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Care for Silver

CARING FOR ANTIQUE SILVER & METALWORK

Silver and Plated Ware

Contrary to popular belief, silver does not need constant cleaning and in fact should not be cleaned more than absolutely necessary. The need to do so can be reduced by regular dusting with a soft cloth, using a brush with very soft bristles for crevices, or washing in warm soapy water, rinsing well and drying with kitchen towel. Silver should not be put in a dishwasher as the salts and detergents may harm the surface. Silver, in common with all metals, can be easily scratched, dented or fractured and should therefore be handled with care. When not in use or on display it will tarnish less if kept wrapped in acid-free tissue paper or undyed cotton or linen and kept in airtight conditions.

Tarnishing does not actually harm silver. It is caused by a number of factors including humidity and sulphurous foods such as egg yolks and brussel sprouts, therefore table silver which has been in contact with them should be washed as soon as possible. Fingerprints can leave deposits which also cause tarnishing so it is helpful to wear cotton gloves while cleaning or dusting. In order to remove tarnish it is best to use impregnated cloths, silver foam or polish as these are the least abrasive products: it is also helpful to use a long-term variety as this will reduce the need for frequent cleaning. Silver cloths can be made at home by soaking a cloth in a mixture of whiting, methylated spirits and water. Silver dip, which can be wiped on large objects with cotton wool, should not be re-used too many times as particles of silver collect in the jar and can then leave a deposit on other pieces which is hard to remove.

When cleaning silver only use a silver polish, not a metal polish intended for copper and brass. This is particularly important when cleaning old Sheffield plate or electro-plate. Rinse after cleaning in clean water and dry with kitchen towel or a clean tea towel. A dry soft brush can be used to remove polish from crevices. Never use wire wool or an abrasive cloth to remove stains as they will scratch the surface, and polish as seldom as possible as a small amount of metal will be removed over time. This can be a particular problem for plated objects as the silver will eventually be worn away, exposing the metal core. Worn plated wares can be re-silvered professionally but this can reduce the value of good antique Sheffield plate as the finish and colour may not be true to the original and the sharpness of any engraving on the piece may be dulled.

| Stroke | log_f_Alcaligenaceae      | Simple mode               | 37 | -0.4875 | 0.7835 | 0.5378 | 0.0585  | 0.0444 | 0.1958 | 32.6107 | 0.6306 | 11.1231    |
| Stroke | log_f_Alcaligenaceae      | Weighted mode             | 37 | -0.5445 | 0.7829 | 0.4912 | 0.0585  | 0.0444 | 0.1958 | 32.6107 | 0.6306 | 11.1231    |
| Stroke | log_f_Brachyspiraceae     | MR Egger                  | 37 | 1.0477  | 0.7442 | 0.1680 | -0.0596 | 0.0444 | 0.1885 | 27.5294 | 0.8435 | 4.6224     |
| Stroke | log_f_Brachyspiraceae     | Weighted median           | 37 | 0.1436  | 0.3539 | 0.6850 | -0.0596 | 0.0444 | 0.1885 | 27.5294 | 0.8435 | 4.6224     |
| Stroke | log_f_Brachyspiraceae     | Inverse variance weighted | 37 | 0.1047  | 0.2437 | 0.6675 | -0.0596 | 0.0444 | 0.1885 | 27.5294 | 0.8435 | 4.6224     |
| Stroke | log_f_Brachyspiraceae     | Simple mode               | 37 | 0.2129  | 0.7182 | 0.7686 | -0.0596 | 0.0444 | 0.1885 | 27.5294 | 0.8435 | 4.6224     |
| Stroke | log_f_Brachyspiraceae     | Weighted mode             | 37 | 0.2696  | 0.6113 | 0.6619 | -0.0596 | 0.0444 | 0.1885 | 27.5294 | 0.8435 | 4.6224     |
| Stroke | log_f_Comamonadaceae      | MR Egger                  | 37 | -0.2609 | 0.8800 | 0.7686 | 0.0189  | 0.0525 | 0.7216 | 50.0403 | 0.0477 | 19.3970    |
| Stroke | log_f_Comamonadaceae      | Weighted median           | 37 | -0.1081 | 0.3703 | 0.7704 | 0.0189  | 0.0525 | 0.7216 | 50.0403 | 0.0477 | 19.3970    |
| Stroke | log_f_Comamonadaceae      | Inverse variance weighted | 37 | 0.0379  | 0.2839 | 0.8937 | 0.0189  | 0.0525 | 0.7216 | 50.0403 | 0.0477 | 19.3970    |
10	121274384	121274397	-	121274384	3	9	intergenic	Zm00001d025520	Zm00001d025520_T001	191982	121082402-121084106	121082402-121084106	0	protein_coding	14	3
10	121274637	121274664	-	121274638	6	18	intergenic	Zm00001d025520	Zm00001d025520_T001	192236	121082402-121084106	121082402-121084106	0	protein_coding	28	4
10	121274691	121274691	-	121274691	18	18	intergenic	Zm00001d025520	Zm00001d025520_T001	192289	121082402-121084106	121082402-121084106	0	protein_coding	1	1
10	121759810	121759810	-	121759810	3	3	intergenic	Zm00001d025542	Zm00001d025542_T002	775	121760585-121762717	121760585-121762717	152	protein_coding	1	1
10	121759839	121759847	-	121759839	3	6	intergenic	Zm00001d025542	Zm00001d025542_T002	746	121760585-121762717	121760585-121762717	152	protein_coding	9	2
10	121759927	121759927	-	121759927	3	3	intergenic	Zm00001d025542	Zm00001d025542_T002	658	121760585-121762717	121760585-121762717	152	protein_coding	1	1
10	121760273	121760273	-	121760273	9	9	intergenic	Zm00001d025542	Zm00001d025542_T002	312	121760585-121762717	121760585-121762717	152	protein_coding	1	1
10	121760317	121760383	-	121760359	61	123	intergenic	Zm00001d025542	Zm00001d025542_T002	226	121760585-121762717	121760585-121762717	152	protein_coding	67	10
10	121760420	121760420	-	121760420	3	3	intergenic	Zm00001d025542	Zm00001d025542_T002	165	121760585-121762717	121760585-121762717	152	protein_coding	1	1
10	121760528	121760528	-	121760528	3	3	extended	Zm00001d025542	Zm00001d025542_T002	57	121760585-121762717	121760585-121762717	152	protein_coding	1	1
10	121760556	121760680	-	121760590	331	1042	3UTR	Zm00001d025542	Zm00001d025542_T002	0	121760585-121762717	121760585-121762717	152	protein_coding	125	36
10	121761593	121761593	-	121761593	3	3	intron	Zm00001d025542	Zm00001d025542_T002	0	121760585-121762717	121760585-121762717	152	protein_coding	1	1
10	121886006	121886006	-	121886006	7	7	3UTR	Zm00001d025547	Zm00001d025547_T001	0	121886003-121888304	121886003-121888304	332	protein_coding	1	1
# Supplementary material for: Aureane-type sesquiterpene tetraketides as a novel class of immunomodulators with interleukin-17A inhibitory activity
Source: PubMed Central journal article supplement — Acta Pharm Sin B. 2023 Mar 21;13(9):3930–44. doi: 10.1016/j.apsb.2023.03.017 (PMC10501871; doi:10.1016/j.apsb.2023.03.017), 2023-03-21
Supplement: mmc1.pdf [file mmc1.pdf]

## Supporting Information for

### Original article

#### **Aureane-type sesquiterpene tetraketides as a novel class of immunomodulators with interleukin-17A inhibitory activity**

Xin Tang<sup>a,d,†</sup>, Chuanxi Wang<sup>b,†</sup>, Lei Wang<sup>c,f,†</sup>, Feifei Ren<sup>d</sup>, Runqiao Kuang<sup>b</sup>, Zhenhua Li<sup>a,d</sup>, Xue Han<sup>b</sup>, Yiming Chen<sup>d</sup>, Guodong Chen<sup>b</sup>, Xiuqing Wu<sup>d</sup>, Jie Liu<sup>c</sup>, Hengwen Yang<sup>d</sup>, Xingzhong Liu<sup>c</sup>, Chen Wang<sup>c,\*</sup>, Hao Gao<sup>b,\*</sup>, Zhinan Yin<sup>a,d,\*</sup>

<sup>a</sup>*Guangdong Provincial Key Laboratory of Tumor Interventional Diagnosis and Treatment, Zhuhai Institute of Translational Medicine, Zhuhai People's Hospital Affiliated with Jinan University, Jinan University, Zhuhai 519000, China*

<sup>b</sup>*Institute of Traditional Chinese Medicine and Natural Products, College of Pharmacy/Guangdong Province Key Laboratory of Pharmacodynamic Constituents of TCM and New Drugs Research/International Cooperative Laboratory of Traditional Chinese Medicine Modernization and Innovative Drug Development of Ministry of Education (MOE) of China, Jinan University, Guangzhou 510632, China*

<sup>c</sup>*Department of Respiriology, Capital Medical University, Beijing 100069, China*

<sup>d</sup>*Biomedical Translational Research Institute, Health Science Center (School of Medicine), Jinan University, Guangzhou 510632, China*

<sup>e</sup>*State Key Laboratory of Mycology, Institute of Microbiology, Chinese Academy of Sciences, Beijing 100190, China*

Silver will corrode as a result of being in contact with salt, causing a green crystalline deposit. Salt cellars should always be gilt or glass lined and the salt should be removed from them immediately after use.

Gold

A gold object may be solid or plated, silver gilt, or ormolu and it is advisable to establish which before treating it. Gold is soft and therefore a thin layer on silver can be rubbed away all too quickly. It also scratches easily so should be handled with care but it does not tarnish unless it has a high silver content as is the case with some 9 ct. gold. Light dusting or gentle washing in warm soapy water is all that is recommended in the way of cleaning.

Pewter

Pewter is also easily scratched and dented. Its high lead content will lead to corrosion in acid conditions which includes oak, so it is inadvisable to store or display pewter pieces in or on oak furniture. Acids in the atmosphere can also cause the problem of powdery corrosion or warty spots which should be treated by a specialist. A heavily stained or very dull surface can be treated by gently wiping it with a cloth impregnated with linseed oil and talcum power or a mild abrasive powder such as whiting or rottenstone. This should then be removed with cotton wool moistened with methylated spirits, washed, rinsed and dried. It is a matter of debate as to whether pewter should be polished to a silvery finish, allowed to develop a dark, matt surface or given a soft gleam by regular, light buffing with a dry soft cloth.

Copper and Brass

Both copper and brass naturally develop a soft patina which is an asset on antique pieces and should not be cleaned off with metal polishes. Regular buffing with a soft cloth or chamois should be enough to keep the metals clean without harming the patina. Both can tarnish however: brass to a matt greenish-brown surface while copper tarnishes to brown and corrodes to a green patina. Heavy staining can be treated with long-term copper or brass cleaners or impregnated wadding while a light tarnishing can respond to a long-term silver cloth. Another method of removing tarnish is to mix a level tablespoon of salt with a tablespoon of vinegar in half a pint of hot water. and then, using extremely fine wire wool, swab brass with the solution without rubbing hard. For copper, use a rough cloth rather than wire wool. Wash in hot soapy water, rinse, dry and then apply polish. Remember that both metals scratch easily.